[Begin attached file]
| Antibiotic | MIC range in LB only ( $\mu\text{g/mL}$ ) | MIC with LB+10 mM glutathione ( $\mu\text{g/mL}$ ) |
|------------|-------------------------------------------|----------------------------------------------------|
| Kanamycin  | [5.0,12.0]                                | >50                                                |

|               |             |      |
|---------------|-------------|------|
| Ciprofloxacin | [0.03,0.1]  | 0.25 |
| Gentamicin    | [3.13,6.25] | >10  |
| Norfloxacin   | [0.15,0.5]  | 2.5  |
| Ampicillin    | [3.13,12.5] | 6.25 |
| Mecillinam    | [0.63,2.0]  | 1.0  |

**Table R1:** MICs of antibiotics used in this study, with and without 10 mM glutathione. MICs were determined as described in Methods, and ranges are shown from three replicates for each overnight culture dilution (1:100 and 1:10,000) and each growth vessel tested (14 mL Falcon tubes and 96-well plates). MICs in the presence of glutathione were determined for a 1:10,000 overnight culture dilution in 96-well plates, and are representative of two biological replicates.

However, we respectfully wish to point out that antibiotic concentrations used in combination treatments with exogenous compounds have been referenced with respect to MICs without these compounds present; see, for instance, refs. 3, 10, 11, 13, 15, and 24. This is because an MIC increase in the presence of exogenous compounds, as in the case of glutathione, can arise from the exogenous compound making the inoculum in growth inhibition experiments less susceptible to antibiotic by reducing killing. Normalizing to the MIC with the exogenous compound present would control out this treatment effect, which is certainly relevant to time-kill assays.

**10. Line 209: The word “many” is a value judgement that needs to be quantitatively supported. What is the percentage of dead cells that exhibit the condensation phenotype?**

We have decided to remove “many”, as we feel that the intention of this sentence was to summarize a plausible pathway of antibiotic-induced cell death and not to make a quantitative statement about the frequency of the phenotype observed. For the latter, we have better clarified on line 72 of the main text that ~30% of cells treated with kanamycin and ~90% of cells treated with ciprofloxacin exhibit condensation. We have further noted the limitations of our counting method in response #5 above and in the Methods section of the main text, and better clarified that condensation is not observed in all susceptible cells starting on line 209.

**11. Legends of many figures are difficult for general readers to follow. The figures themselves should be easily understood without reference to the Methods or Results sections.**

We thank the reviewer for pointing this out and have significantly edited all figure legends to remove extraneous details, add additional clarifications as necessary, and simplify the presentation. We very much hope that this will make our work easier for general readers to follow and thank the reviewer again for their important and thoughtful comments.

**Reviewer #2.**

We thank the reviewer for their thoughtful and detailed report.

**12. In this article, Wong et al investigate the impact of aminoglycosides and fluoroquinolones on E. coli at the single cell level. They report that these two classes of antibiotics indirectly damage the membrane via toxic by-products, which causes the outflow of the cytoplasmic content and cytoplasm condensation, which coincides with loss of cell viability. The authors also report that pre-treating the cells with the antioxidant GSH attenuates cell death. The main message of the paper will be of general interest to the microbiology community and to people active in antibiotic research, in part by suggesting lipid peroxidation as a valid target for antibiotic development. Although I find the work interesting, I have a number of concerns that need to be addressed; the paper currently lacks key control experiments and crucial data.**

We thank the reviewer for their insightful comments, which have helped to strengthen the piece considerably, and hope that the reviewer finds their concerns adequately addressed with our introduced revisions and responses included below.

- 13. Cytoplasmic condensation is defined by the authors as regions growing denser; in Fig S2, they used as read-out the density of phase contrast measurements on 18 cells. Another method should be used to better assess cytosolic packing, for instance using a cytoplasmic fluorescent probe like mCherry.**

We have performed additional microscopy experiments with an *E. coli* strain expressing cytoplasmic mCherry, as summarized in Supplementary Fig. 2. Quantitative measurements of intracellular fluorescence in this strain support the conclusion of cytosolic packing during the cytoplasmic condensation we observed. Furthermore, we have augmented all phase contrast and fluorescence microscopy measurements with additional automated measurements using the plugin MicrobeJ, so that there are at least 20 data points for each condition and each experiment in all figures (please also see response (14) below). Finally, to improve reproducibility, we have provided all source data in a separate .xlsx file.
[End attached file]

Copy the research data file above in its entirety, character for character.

| Antibiotic | MIC range in LB only ( $\mu\text{g/mL}$ ) | MIC with LB+10 mM glutathione ( $\mu\text{g/mL}$ ) |
|------------|-------------------------------------------|----------------------------------------------------|
| Kanamycin  | [5.0,12.0]                                | >50                                                |

|               |             |      |
|---------------|-------------|------|
| Ciprofloxacin | [0.03,0.1]  | 0.25 |
| Gentamicin    | [3.13,6.25] | >10  |
| Norfloxacin   | [0.15,0.5]  | 2.5  |
| Ampicillin    | [3.13,12.5] | 6.25 |
| Mecillinam    | [0.63,2.0]  | 1.0  |

**Table R1:** MICs of antibiotics used in this study, with and without 10 mM glutathione. MICs were determined as described in Methods, and ranges are shown from three replicates for each overnight culture dilution (1:100 and 1:10,000) and each growth vessel tested (14 mL Falcon tubes and 96-well plates). MICs in the presence of glutathione were determined for a 1:10,000 overnight culture dilution in 96-well plates, and are representative of two biological replicates.

However, we respectfully wish to point out that antibiotic concentrations used in combination treatments with exogenous compounds have been referenced with respect to MICs without these compounds present; see, for instance, refs. 3, 10, 11, 13, 15, and 24. This is because an MIC increase in the presence of exogenous compounds, as in the case of glutathione, can arise from the exogenous compound making the inoculum in growth inhibition experiments less susceptible to antibiotic by reducing killing. Normalizing to the MIC with the exogenous compound present would control out this treatment effect, which is certainly relevant to time-kill assays.

**10. Line 209: The word “many” is a value judgement that needs to be quantitatively supported. What is the percentage of dead cells that exhibit the condensation phenotype?**

We have decided to remove “many”, as we feel that the intention of this sentence was to summarize a plausible pathway of antibiotic-induced cell death and not to make a quantitative statement about the frequency of the phenotype observed. For the latter, we have better clarified on line 72 of the main text that ~30% of cells treated with kanamycin and ~90% of cells treated with ciprofloxacin exhibit condensation. We have further noted the limitations of our counting method in response #5 above and in the Methods section of the main text, and better clarified that condensation is not observed in all susceptible cells starting on line 209.

**11. Legends of many figures are difficult for general readers to follow. The figures themselves should be easily understood without reference to the Methods or Results sections.**

We thank the reviewer for pointing this out and have significantly edited all figure legends to remove extraneous details, add additional clarifications as necessary, and simplify the presentation. We very much hope that this will make our work easier for general readers to follow and thank the reviewer again for their important and thoughtful comments.

**Reviewer #2.**

We thank the reviewer for their thoughtful and detailed report.

**12. In this article, Wong et al investigate the impact of aminoglycosides and fluoroquinolones on E. coli at the single cell level. They report that these two classes of antibiotics indirectly damage the membrane via toxic by-products, which causes the outflow of the cytoplasmic content and cytoplasm condensation, which coincides with loss of cell viability. The authors also report that pre-treating the cells with the antioxidant GSH attenuates cell death. The main message of the paper will be of general interest to the microbiology community and to people active in antibiotic research, in part by suggesting lipid peroxidation as a valid target for antibiotic development. Although I find the work interesting, I have a number of concerns that need to be addressed; the paper currently lacks key control experiments and crucial data.**

We thank the reviewer for their insightful comments, which have helped to strengthen the piece considerably, and hope that the reviewer finds their concerns adequately addressed with our introduced revisions and responses included below.

- 13. Cytoplasmic condensation is defined by the authors as regions growing denser; in Fig S2, they used as read-out the density of phase contrast measurements on 18 cells. Another method should be used to better assess cytosolic packing, for instance using a cytoplasmic fluorescent probe like mCherry.**

We have performed additional microscopy experiments with an *E. coli* strain expressing cytoplasmic mCherry, as summarized in Supplementary Fig. 2. Quantitative measurements of intracellular fluorescence in this strain support the conclusion of cytosolic packing during the cytoplasmic condensation we observed. Furthermore, we have augmented all phase contrast and fluorescence microscopy measurements with additional automated measurements using the plugin MicrobeJ, so that there are at least 20 data points for each condition and each experiment in all figures (please also see response (14) below). Finally, to improve reproducibility, we have provided all source data in a separate .xlsx file.